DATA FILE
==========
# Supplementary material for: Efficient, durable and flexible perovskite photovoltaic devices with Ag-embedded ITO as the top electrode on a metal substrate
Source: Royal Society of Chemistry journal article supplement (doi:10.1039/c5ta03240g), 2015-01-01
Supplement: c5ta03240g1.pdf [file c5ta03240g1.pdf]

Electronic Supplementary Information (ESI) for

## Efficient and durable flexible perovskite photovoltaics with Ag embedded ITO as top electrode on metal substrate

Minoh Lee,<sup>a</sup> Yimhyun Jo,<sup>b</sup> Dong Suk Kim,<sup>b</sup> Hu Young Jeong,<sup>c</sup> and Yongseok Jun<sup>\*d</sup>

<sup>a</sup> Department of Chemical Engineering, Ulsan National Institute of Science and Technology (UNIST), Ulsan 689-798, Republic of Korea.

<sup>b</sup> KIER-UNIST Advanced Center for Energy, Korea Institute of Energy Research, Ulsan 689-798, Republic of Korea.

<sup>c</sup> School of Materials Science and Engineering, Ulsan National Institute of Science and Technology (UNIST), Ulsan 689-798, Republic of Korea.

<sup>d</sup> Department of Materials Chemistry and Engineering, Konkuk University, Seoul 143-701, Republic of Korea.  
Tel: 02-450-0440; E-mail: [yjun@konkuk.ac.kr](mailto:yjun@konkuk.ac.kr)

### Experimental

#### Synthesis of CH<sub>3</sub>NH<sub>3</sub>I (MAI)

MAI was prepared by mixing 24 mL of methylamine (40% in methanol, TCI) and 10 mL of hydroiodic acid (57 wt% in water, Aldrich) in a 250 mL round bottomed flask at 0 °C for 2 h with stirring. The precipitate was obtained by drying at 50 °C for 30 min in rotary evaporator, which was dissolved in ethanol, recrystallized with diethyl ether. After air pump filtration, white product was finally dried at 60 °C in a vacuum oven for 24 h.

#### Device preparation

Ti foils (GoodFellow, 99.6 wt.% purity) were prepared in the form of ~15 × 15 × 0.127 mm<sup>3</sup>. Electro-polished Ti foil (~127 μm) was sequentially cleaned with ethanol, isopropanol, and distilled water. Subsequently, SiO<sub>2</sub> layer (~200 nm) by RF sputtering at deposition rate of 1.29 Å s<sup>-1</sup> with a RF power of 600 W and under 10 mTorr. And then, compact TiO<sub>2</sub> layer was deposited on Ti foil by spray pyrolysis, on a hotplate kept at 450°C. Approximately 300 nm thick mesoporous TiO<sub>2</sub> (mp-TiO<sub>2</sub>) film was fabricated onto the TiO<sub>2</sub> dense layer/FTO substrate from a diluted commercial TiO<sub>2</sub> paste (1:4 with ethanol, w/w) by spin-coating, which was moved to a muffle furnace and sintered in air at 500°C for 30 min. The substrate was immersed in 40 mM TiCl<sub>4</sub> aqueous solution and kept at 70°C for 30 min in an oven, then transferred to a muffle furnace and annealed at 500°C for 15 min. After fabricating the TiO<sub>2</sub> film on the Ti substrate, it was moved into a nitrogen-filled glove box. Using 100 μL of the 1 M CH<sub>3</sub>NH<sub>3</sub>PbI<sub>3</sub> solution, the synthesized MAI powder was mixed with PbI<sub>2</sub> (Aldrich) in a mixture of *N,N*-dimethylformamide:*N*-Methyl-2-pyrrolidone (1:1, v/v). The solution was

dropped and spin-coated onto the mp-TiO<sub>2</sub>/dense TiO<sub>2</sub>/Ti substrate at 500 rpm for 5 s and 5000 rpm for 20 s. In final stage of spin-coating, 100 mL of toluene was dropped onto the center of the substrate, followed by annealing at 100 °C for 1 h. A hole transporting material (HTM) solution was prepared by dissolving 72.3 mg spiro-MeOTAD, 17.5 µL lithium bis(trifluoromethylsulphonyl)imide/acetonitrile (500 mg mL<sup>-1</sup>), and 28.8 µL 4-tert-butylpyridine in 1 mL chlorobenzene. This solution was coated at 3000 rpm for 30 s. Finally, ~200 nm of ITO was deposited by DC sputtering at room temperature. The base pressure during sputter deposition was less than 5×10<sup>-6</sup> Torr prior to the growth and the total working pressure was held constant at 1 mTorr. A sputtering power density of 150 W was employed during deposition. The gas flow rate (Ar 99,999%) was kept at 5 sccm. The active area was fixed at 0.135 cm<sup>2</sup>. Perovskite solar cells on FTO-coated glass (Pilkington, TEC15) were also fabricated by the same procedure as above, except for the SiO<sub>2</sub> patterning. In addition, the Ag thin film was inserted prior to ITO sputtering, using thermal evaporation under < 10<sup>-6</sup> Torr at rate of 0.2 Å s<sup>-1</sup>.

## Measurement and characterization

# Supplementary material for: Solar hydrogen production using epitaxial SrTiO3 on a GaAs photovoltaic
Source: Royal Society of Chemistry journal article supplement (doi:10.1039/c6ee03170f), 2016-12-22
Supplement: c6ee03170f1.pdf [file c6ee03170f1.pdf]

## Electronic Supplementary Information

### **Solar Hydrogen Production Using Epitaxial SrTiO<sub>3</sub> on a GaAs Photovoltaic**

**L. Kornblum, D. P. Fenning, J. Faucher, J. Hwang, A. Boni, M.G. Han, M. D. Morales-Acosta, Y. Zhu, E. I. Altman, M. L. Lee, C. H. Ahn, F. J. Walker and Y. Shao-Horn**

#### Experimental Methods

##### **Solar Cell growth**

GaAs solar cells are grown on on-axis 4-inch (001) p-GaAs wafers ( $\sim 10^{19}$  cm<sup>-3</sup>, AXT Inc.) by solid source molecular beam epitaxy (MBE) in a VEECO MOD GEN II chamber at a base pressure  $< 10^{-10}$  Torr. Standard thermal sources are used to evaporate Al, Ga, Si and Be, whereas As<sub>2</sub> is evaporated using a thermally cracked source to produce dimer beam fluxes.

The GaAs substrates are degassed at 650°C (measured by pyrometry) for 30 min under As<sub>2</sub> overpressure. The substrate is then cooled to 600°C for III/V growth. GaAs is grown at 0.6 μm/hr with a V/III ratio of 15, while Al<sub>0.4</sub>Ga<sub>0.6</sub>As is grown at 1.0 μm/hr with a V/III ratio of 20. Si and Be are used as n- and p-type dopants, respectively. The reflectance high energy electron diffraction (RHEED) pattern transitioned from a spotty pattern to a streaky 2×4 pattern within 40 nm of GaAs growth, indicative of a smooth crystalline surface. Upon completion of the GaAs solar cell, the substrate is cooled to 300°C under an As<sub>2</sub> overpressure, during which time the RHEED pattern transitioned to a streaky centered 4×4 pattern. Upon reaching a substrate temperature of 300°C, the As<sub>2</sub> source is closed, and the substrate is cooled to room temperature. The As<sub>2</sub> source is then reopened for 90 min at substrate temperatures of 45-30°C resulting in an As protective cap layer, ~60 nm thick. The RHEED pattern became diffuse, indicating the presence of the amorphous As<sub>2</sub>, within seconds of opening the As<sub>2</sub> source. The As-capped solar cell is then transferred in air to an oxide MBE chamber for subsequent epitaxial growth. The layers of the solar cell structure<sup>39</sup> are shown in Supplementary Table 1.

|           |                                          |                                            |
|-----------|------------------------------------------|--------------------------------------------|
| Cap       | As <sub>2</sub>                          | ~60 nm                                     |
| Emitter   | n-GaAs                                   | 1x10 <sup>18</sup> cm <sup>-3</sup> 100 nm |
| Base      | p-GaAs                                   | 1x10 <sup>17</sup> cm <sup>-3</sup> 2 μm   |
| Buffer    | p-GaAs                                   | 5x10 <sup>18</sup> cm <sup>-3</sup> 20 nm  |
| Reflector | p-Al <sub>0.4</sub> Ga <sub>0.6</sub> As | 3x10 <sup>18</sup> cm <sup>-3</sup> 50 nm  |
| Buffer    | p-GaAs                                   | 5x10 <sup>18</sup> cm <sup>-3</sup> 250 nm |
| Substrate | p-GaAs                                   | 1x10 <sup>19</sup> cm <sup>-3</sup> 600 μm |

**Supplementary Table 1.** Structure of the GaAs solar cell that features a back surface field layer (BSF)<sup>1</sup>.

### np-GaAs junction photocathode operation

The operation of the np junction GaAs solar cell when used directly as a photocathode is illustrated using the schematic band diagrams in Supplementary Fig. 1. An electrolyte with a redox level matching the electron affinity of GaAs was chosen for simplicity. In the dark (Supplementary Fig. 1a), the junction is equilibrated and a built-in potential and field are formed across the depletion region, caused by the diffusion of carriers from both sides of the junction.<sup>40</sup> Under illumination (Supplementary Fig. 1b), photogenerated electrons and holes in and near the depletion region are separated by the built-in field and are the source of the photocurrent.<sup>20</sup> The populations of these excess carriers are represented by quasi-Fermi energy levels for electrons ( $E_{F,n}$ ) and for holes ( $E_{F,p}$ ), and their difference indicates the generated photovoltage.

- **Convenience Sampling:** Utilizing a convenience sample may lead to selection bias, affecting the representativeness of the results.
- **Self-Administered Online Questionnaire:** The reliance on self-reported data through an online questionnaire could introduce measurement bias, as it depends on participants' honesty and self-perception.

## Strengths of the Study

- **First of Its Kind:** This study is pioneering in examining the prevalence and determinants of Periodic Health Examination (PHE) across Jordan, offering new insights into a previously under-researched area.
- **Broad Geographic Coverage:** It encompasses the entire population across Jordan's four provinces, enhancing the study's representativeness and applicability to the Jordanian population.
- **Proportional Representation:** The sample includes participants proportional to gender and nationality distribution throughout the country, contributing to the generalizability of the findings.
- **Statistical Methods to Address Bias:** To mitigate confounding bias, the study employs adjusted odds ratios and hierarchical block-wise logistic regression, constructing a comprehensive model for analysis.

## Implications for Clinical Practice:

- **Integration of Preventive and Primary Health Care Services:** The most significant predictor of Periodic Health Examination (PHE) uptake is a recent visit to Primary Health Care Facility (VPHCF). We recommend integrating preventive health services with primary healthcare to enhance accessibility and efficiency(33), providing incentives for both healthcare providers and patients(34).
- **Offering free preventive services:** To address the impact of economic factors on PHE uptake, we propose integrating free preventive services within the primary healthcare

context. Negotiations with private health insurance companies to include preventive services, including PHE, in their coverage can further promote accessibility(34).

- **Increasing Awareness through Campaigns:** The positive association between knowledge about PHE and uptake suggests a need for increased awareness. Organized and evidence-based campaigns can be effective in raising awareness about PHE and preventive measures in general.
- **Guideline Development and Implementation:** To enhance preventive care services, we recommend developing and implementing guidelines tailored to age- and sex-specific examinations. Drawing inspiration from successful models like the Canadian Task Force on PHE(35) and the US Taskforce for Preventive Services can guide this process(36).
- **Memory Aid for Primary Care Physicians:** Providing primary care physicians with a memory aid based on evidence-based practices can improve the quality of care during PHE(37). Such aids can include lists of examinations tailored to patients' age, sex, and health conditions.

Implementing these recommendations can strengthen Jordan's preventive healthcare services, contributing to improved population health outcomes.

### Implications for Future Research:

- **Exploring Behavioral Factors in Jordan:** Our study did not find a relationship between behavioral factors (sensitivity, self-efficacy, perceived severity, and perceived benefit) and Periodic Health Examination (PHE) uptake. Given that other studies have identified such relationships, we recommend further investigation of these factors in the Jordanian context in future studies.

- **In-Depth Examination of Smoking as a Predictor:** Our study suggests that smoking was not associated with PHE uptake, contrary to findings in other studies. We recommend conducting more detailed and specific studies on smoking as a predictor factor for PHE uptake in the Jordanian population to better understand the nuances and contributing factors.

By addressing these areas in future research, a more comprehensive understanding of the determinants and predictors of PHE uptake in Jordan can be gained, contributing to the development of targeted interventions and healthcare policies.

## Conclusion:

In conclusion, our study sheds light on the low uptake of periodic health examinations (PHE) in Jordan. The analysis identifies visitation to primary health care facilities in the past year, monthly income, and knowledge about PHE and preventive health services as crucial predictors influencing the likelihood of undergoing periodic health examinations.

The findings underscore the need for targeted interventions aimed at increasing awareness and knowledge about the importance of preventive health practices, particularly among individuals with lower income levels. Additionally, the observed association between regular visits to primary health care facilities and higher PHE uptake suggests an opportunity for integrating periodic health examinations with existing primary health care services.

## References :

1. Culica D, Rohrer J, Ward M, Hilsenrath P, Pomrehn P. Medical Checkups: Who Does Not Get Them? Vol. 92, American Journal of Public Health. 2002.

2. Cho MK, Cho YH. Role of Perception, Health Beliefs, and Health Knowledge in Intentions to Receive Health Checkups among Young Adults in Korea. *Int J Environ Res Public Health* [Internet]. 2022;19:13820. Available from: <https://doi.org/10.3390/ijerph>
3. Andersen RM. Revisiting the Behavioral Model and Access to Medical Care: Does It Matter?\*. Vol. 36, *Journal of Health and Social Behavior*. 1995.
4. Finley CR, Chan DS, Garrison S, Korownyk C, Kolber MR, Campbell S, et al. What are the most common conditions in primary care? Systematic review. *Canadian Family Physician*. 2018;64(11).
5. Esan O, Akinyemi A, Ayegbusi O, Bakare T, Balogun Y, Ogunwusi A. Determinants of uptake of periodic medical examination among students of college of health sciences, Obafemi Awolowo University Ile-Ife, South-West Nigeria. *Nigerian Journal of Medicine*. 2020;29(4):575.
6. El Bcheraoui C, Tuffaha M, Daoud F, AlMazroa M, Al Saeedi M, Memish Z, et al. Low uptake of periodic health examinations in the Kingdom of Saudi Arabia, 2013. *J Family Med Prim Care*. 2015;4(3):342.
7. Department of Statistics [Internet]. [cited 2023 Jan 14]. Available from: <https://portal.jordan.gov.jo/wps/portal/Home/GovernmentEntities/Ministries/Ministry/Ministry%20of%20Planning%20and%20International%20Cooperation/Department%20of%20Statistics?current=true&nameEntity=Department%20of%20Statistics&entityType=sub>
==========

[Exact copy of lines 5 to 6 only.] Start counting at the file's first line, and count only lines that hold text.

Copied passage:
## Efficient and durable flexible perovskite photovoltaics with Ag embedded ITO as top electrode on metal substrate

Minoh Lee,<sup>a</sup> Yimhyun Jo,<sup>b</sup> Dong Suk Kim,<sup>b</sup> Hu Young Jeong,<sup>c</sup> and Yongseok Jun<sup>\*d</sup>